Every year there are always films of every genre and stripe which fly under the radar of most film-goers. Every film fan knows of several such films and always like to believe they were one of the few who actually saw it in the theaters when it came and went. In 2002, one such film was the psychological thriller/horror film Frailty by veteran actor Bill Paxton. This was to be his directorial debut on a feature-length film and for a first time it was a home run right from the start.
Frailty was done mostly through flashbacks as told to an FBI special agent by a man (Matthew McConaughey) and how this man knows the true identity of a particular serial killer around the Texas region who has dubbed himself the “God’s Hand”. It’s through this man’s retelling of the origins of the “God’s Hand” that we see the lives of a father raising two young boys as best he can until a sudden “vision” of divine nature changes their lives forever. The father begins to believe that he has been given a divine purpose to find and destroy demons who have taken on human form. To do this deed he has an axe he’s dubbed “Otis” to assist him. The reaction of the two young boys differ as their father goes about his new work. The older brother in Fenton Meiks believes what his father is doing to be illegal and makes him a murderer. On the other hand, the younger brother in Adam Meiks has taken on seeing their father as the hero that he sees him and supporting him in his new endeavor.
The film doesn’t inundate the viewer with much gore and violence. This is not say that the film lacked for killings. The father finds and “destroys” the demons given to him on what he calls “God’s list”, but the film doesn’t linger on these scenes of violence. It instead focuses on the reactions of the father’s two sons and the growing rift which gradually begins to grow between the three. It would be this rift which plants the seed of who would ultimately become the “God’s Hand” killer.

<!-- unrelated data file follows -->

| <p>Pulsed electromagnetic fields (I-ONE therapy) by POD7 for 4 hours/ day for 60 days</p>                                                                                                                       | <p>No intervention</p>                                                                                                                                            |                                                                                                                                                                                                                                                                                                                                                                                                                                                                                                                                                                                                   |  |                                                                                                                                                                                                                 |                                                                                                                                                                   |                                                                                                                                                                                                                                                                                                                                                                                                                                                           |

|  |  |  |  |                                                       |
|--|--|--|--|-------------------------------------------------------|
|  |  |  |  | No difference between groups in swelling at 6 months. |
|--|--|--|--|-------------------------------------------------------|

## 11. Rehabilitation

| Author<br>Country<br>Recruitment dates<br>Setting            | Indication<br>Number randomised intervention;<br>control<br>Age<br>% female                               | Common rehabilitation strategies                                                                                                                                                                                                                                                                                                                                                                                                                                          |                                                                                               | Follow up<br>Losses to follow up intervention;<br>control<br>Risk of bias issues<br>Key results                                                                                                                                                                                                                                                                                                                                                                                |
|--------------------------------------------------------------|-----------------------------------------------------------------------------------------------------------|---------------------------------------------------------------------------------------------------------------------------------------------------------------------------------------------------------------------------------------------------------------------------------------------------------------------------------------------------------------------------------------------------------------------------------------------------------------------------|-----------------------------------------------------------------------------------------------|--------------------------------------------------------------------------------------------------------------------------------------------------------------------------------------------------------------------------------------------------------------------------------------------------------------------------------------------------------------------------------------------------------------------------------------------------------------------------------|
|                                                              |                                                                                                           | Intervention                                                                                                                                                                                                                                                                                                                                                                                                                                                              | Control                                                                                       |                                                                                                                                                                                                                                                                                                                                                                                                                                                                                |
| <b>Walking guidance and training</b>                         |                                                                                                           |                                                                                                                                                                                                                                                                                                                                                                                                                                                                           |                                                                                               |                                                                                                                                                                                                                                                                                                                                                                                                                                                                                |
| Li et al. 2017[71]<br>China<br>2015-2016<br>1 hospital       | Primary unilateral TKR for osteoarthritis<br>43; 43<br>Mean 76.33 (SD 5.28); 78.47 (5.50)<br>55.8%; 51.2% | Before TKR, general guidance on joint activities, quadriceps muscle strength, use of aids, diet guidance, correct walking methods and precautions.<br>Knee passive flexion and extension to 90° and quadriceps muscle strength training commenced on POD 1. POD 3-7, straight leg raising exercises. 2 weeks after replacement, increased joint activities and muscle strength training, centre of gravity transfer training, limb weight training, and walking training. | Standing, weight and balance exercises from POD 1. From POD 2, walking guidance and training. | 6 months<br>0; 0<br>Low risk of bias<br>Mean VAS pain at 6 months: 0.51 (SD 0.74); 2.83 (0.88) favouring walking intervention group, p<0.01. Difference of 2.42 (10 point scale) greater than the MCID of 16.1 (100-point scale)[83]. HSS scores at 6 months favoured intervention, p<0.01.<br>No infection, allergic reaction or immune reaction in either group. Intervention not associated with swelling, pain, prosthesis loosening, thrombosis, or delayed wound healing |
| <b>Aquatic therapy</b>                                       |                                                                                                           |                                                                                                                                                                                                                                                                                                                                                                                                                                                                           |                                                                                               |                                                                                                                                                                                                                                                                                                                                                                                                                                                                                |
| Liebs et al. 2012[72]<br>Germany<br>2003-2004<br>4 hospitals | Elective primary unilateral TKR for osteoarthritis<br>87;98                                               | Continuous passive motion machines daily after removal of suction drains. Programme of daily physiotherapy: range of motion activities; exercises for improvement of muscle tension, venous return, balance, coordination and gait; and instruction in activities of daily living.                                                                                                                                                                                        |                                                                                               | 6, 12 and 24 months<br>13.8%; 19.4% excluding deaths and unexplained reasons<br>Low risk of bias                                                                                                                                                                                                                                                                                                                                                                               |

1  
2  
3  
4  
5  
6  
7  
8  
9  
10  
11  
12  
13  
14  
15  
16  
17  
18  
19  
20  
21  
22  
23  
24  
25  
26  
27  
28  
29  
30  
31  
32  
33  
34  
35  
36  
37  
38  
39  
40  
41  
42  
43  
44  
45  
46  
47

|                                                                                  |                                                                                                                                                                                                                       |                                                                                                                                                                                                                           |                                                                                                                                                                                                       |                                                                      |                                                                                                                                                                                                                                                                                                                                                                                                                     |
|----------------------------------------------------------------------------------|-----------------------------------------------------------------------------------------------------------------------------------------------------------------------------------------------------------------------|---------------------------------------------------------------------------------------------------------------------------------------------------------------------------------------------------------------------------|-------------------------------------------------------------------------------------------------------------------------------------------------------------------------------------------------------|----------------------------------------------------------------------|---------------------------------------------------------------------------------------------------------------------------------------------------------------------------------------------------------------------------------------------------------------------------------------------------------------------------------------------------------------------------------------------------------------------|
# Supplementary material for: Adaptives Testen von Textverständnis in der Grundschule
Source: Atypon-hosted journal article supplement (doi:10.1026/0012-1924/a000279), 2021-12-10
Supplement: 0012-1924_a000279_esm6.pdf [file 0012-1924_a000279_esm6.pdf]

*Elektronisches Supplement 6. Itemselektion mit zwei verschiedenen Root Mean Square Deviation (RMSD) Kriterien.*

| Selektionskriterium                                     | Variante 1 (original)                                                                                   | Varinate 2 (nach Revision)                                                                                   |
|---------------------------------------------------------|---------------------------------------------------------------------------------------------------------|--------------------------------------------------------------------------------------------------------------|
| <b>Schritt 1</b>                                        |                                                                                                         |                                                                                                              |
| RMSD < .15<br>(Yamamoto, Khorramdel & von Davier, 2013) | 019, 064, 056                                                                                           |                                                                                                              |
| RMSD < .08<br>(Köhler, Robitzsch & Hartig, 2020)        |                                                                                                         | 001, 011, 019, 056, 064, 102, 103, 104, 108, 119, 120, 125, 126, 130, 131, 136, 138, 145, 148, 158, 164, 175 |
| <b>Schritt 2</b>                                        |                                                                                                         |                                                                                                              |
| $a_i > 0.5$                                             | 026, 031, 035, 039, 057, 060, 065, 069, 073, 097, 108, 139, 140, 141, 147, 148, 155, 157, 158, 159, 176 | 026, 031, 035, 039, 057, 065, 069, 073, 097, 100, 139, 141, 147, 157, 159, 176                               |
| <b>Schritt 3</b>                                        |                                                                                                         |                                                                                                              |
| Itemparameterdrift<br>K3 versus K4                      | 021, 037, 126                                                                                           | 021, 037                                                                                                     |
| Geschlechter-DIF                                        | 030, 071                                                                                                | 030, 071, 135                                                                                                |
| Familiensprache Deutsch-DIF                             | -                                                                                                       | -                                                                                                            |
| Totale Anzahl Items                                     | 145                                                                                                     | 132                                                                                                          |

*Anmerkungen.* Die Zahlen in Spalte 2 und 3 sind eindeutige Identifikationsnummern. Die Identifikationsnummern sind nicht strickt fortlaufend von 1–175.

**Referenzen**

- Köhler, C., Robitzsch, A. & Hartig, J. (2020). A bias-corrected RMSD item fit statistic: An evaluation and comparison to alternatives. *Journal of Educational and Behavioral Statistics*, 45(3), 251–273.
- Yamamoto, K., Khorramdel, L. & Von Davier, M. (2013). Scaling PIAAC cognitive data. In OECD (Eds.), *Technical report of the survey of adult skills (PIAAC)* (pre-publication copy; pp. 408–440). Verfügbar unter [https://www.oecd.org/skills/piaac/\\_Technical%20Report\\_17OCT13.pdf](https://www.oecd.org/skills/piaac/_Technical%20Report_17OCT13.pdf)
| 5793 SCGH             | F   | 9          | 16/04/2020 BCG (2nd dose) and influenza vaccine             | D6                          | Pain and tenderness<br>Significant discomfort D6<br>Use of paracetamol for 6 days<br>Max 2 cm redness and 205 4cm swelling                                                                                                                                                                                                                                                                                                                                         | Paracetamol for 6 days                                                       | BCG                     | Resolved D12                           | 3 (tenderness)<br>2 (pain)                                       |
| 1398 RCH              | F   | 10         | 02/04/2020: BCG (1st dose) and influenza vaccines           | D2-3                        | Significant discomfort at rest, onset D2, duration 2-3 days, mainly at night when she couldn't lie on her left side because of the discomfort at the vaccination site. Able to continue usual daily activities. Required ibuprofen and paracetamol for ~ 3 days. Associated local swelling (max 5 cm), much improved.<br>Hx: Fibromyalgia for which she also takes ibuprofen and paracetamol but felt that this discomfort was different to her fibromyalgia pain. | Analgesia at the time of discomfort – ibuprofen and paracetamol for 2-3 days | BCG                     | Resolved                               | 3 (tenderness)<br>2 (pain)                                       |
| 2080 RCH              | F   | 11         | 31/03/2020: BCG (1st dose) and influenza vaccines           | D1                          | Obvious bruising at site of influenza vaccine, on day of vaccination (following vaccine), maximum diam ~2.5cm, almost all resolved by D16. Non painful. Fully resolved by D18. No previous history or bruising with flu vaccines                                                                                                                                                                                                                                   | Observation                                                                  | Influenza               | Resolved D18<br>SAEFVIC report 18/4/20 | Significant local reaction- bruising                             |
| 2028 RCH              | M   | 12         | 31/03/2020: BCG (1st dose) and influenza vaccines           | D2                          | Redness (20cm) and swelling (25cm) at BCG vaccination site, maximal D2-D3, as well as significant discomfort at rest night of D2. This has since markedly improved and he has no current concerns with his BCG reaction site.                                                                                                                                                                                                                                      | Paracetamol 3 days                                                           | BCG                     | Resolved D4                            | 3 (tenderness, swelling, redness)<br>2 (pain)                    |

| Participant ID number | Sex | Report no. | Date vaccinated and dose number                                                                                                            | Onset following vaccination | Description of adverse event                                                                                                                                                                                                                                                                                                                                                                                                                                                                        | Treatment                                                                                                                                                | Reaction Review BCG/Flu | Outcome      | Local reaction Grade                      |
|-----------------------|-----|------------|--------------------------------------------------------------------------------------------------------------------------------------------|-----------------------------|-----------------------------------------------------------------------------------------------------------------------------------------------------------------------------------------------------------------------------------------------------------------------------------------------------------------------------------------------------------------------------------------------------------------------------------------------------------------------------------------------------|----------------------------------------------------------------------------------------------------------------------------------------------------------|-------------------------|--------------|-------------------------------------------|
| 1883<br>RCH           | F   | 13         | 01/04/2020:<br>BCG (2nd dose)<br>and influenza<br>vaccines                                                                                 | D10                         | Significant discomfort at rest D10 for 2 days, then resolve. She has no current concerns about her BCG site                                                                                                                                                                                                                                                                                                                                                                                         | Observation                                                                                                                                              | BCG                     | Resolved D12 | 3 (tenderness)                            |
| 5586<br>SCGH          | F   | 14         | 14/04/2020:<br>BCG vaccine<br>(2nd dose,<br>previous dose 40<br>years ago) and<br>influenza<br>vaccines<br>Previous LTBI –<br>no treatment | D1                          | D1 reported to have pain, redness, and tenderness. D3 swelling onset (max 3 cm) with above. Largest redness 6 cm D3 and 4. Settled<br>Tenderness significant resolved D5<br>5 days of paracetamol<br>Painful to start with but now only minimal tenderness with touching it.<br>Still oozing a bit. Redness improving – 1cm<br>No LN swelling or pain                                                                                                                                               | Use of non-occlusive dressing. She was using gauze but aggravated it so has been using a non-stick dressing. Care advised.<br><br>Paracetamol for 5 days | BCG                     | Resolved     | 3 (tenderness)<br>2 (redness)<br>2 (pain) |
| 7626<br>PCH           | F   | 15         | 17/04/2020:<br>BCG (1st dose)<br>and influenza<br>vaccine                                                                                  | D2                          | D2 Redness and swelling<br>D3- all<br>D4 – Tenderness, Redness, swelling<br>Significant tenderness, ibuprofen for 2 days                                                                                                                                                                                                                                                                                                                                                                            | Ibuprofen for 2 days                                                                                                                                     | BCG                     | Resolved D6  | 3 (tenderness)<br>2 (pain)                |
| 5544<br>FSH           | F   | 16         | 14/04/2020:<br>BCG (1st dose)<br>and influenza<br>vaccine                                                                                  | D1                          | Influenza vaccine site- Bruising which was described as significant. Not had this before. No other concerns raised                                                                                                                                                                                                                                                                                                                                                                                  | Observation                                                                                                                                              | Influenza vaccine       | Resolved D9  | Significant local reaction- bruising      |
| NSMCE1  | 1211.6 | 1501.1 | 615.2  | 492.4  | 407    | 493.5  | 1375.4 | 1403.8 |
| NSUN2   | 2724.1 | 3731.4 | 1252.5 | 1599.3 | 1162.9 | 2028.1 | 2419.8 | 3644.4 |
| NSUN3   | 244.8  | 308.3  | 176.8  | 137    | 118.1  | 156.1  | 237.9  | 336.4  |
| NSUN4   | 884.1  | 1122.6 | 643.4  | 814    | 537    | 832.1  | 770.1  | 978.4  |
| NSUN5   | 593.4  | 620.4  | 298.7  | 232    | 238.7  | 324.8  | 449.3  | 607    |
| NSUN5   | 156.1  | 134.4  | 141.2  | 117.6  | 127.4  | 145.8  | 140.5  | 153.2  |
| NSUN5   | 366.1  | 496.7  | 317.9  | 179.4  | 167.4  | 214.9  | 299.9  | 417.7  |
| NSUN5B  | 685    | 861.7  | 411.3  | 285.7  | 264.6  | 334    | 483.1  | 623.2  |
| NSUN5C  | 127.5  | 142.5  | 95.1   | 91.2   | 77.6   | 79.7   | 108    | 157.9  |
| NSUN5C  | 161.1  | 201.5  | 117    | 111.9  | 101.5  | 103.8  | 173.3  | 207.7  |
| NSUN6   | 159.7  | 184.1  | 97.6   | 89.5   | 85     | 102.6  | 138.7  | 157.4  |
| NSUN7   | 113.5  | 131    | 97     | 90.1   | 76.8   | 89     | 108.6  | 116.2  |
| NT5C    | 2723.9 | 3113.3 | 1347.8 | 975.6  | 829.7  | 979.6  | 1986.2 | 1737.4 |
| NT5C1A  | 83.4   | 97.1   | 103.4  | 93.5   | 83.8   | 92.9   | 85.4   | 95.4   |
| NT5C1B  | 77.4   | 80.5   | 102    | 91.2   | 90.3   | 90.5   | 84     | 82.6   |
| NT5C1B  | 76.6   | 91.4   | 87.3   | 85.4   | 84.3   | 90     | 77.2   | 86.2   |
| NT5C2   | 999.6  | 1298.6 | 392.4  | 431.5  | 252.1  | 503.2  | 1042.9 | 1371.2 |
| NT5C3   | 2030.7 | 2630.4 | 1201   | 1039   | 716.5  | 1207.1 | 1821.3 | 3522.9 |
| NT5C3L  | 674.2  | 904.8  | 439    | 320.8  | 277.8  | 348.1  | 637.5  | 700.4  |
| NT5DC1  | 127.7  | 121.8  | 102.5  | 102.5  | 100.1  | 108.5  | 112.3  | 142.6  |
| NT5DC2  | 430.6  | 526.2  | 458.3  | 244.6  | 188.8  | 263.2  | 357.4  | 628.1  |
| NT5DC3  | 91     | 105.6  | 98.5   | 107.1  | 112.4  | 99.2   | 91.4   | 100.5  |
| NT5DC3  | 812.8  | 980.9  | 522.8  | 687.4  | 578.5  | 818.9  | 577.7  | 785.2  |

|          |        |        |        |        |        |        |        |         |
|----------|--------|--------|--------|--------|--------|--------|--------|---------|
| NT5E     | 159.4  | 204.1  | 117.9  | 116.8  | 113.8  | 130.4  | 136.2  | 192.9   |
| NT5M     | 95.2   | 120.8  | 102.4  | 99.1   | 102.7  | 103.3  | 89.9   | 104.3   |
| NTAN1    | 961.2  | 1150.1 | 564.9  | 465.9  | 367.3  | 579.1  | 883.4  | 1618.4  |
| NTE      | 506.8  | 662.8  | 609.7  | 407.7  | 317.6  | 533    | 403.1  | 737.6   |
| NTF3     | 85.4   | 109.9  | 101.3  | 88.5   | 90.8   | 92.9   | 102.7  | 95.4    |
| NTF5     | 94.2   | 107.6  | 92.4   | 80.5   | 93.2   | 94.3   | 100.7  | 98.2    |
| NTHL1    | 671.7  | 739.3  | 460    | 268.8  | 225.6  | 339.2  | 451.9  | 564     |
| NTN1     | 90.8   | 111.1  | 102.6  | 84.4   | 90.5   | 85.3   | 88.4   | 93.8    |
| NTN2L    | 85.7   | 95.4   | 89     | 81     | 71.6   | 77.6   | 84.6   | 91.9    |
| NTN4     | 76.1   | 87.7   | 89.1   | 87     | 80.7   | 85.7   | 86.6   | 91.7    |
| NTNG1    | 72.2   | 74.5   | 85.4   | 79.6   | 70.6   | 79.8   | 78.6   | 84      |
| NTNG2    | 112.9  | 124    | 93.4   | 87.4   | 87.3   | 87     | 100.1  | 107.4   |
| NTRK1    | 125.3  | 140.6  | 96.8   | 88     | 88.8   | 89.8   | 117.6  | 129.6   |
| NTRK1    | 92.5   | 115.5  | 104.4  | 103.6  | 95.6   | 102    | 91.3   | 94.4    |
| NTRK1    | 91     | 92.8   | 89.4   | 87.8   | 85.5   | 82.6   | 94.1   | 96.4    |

The film also manages to turn the theme of a father’s love for his sons and vice versa become a taut and disturbing study on the concept of faith. The film also does a great way of twisting the story in a way that we never know who the “God’s Hand” killer was until very close to the end despite everything being told by the man to the FBI pointing to specific individual. This was one of the few films which used the twist to the narrative properly and not as a crutch to make the film better than the source.
It’s this source, the screenplay in other words, which makes Frailty such an under-appreciated and great film. There’s rarely any instances where the story takes on leaps of logic that would break the audience from the world they’ve become invested in. In fact, I would say that the film was quite traditional in how it handled the story and characters. There’s wasn’t any special character and narrative quirks to make them stand out from the rest of the other roles. It’s from the performances by all involved, especially the very convincing ones from the two young actors playing the young Fenton (Matt O’Leary) and young Adam (Jeremy Sumpter), that sells the film. Matthew McConaughey as the man telling the story of the Meiks does a great job in a role that others might have gone overboard with. His restrained performance in concert with the young actors in the film would be another reason why Frailty became such a great film.
Performances, as great as they were in this film, required for a filmmaker to have a deft handle on his cast and the screenplay. This film was lucky enough to have a first-time filmmaker in Bill Paxton who played to the strength of the screenplay and trust in his actors. He didn’t try to be too cute or direct like someone with something to prove. I know that saying one directed a film with efficiency would be seen as a negative. In this instance I’d say that Paxton’s efficient direction helped the film stay focused on the story and the characters instead of trying to be flashy.
Frailty was, and still is, a film that seems to fly under most people’s radars, but it’s also a film that has gained quite a loyal following since it’s initial 2002 release. It’s a rare film that has continued to live up to it’s growing cult status not because of what people might have heard of it, but because it’s a rare film that stand on it’s quality. A film which, from top to bottom, made for a smart thriller with some horror aspects through in that didn’t try to fool it’s audience (even the twist in the story was a true genuine surprise instead of a story cop-out). If there ever was a film that needed to be seen by more people it’s definitely Frailty.